Student Review: Hell’s Bells by Joshua Shane Watts

An immersive and endlessly entertaining 1920’s murder mystery, doused in layers of subtle social commentary.

Thu 21 Mar, Northcott Theatre
by Joshua Shane Watts

Hell’s Bells production photo. A small hexagonal room in a lighthouse, with shelves, thermometers, naval charts and revolvers displayed on the cream walls. Two people sit at a table: a man in a colourfully striped blazer reading a book with a furrowed brow and pillowy neck; a woman in a grey skirt suit looking through a polished wooden box.

Miracle Theatre’s iconic pink van cruised into Exeter this March to deliver a highly anticipated performance Hell’s Bells – having started their tour down in Cornwall in early February. Living up to raving reviews from Cornish crowds, Miracle made the absolute most of their two short nights at the Northcott on the evenings of the 21st and 22nd.

Written by Bill Scott and performed by trio Anna Munden, Ben Kernow and Ben Dyson, every aspect of the performance does an incredible job of immersing the crowd into the minds of an early 20th-century audience. Acting style, set design, scoring, and even the intricacies of the audience interaction all make entering the venue akin to stepping through a portal to the past.

In the year 1924 – which is to say, “the present” – the audience follow eccentric self-described “Detective Inspector” Ferelith and her endearingly incompetent father Grubb. Their beachside holiday is terribly derailed as the mysterious drowning of a local lighthouse keeper thrusts the two on an adventure, packed with mystery and comedy aplenty.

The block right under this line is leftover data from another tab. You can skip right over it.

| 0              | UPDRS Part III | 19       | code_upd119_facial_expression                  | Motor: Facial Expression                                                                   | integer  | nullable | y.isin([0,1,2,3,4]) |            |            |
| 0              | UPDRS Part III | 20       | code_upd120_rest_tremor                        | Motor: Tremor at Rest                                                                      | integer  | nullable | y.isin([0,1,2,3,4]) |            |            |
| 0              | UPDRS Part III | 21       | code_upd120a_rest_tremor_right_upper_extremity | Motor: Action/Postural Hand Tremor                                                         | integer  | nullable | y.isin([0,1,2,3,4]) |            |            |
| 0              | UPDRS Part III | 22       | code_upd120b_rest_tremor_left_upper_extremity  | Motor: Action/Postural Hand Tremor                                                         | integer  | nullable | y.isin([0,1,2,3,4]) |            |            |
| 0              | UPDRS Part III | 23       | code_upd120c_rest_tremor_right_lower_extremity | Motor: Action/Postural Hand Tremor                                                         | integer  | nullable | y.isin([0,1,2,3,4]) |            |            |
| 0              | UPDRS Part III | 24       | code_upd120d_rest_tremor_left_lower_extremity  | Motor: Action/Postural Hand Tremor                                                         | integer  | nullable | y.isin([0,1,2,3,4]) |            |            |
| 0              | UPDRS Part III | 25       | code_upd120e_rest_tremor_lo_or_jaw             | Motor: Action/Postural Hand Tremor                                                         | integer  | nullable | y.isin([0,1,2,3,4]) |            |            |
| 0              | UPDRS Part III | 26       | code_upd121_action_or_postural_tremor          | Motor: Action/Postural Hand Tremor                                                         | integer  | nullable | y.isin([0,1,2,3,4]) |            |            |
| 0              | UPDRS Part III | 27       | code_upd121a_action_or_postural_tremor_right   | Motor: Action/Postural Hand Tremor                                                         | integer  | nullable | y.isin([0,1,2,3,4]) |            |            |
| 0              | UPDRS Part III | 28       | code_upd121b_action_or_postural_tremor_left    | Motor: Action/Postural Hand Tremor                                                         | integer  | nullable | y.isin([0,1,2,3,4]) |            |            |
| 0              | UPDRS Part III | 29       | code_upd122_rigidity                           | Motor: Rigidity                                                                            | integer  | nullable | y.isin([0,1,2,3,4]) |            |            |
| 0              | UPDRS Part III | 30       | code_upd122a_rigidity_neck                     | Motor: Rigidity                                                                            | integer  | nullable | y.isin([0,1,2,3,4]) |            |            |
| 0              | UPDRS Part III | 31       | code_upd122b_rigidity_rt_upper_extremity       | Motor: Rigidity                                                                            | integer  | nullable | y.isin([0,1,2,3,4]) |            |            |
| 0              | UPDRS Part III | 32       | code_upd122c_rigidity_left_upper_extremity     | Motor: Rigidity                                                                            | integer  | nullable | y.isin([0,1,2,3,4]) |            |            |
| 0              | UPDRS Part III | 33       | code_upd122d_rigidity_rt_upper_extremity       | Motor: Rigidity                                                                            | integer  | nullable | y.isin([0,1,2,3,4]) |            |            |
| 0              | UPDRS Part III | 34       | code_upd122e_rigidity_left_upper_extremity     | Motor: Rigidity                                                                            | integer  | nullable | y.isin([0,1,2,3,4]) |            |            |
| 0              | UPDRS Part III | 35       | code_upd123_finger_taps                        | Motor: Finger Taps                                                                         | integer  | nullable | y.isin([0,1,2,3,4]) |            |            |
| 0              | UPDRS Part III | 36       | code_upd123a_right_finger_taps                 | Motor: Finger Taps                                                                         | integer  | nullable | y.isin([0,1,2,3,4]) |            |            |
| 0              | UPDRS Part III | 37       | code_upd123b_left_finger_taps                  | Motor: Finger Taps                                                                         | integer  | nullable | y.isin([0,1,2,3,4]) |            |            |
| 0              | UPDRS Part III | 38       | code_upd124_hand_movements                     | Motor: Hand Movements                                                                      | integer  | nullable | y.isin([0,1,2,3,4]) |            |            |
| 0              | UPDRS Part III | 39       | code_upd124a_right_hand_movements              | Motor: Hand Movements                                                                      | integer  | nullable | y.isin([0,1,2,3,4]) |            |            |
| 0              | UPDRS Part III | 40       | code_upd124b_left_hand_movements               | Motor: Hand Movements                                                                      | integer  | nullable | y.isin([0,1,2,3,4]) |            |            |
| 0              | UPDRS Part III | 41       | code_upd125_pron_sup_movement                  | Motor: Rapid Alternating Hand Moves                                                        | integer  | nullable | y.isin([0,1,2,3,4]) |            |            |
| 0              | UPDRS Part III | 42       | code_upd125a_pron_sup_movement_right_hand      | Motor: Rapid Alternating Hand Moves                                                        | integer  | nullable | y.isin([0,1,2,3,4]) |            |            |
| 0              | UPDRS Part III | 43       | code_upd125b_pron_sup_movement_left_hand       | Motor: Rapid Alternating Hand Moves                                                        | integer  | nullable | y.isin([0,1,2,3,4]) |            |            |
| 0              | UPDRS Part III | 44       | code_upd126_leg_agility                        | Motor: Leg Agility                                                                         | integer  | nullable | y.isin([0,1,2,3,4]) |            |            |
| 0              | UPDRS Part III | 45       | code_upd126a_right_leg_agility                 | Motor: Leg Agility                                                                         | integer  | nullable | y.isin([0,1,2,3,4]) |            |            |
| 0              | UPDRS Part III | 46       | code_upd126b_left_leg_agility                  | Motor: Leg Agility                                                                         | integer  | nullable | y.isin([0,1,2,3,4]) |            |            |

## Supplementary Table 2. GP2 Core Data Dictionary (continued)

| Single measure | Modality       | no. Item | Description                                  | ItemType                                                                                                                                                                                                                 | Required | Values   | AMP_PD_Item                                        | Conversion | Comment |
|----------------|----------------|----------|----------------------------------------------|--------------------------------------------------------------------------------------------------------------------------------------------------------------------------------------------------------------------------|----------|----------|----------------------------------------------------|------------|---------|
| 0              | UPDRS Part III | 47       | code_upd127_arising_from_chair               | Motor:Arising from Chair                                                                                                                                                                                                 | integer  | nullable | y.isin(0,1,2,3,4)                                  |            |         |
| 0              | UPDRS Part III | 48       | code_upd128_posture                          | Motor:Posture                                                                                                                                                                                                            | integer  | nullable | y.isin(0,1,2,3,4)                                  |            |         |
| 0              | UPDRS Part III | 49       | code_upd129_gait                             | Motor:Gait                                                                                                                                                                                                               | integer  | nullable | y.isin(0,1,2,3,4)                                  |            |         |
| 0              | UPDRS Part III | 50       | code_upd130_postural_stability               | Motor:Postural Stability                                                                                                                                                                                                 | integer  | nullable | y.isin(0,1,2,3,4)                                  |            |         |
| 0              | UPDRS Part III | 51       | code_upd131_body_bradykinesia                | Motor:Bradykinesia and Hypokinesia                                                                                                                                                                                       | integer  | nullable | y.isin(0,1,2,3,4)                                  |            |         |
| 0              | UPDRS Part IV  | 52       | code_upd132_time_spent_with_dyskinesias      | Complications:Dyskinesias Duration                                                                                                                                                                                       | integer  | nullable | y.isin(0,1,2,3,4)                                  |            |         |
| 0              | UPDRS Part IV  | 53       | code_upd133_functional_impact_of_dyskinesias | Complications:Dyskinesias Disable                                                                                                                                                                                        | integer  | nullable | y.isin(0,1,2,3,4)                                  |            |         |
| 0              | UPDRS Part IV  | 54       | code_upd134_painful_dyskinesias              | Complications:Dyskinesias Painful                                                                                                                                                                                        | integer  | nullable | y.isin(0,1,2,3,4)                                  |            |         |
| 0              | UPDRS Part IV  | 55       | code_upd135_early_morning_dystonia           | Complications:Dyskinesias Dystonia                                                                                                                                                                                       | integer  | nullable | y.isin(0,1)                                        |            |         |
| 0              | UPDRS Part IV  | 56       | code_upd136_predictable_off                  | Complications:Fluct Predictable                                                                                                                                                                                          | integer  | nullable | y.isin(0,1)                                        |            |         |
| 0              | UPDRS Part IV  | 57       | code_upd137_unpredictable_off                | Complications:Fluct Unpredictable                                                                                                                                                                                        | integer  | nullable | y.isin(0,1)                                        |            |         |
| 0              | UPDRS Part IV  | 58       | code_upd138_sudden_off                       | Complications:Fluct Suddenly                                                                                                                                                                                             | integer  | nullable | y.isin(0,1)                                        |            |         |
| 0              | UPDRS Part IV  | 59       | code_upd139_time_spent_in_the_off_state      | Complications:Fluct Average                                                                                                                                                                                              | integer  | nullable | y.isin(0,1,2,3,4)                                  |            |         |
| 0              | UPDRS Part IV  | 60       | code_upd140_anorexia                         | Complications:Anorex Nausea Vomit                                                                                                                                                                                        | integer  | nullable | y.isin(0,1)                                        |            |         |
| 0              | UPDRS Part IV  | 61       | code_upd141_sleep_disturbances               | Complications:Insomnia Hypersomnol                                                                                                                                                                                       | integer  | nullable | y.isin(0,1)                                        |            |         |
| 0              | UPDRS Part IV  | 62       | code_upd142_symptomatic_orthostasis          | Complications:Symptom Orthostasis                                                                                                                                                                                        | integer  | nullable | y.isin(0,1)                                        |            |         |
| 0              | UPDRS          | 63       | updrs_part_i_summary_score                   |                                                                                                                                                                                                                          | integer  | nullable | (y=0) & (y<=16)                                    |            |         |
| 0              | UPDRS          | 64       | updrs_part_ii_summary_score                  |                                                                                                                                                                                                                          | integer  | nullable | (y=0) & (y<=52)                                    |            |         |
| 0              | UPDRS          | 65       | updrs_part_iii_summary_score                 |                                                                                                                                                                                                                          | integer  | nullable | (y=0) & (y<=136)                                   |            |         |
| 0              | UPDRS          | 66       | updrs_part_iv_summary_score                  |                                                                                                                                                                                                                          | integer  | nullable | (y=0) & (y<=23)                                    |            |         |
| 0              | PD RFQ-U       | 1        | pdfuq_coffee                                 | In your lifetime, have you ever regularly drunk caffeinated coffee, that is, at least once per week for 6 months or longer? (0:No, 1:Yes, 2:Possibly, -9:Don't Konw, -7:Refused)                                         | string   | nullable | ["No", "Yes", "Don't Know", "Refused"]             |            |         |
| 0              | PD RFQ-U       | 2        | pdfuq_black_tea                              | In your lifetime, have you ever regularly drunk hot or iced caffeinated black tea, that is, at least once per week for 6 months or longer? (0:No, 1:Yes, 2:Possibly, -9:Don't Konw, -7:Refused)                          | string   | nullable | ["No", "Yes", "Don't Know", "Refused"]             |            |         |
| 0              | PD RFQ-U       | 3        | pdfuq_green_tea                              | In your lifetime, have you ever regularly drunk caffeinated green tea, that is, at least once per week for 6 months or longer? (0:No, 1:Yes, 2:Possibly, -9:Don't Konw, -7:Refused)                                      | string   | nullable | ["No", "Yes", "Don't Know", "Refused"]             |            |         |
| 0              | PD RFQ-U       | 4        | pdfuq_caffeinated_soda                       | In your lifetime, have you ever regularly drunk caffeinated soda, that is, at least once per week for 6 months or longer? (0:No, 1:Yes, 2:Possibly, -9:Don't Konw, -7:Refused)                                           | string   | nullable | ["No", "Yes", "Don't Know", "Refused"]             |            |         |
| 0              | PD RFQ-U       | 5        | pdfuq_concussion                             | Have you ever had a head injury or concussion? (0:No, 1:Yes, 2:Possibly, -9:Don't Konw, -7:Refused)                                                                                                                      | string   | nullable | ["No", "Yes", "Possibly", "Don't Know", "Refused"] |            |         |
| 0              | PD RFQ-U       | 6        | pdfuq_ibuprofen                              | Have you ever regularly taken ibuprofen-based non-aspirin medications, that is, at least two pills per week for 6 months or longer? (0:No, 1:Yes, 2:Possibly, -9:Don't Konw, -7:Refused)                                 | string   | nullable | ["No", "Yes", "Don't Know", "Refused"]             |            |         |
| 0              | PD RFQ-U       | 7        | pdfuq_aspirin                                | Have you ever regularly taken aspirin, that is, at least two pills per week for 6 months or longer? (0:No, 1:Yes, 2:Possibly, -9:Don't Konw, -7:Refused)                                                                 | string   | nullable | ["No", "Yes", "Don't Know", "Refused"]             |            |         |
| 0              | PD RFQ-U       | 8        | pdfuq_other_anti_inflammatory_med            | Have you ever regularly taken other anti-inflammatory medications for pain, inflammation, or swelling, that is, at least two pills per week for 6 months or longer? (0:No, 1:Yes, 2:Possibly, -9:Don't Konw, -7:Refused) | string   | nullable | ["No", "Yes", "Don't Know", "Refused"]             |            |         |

Hell’s Bells does not shy away from addressing the social ideology of its time, particularly regarding the treatment of women, as Ferelith battles frequent misogyny to get her way. The script is a perfect blend of social commentary and entertainment, delivering in equal parts a stupefying mystery and a thoughtful investigation into human nature itself. 

Sitting in the front row on Thursday gave me a fantastic view of the stage, the actors, and in turn, “the wonder that is cinema”! It was a fantastic surprise to see such a creative and impressively convincing silent film segments in the second act – it’s a nifty trick, allowing for effects which would be difficult to reproduce onstage without sacrificing period authenticity.  

Hell’s Bells production photo. A man wearing a woolly hat stands on a rocky landscape and looks at his own hands with wonder. He is seen through a circle of greenish light. Everything else is black.

Final Thoughts

Suffice it to say, Hell’s Bells tells a tremendously entertaining story performed by a uniquely talented cast. Wonderfully executed multi-rolling immerses one fully in the mysterious seaside town, teeming with spirited characters. It’s a thrilling experience from beginning to end. 

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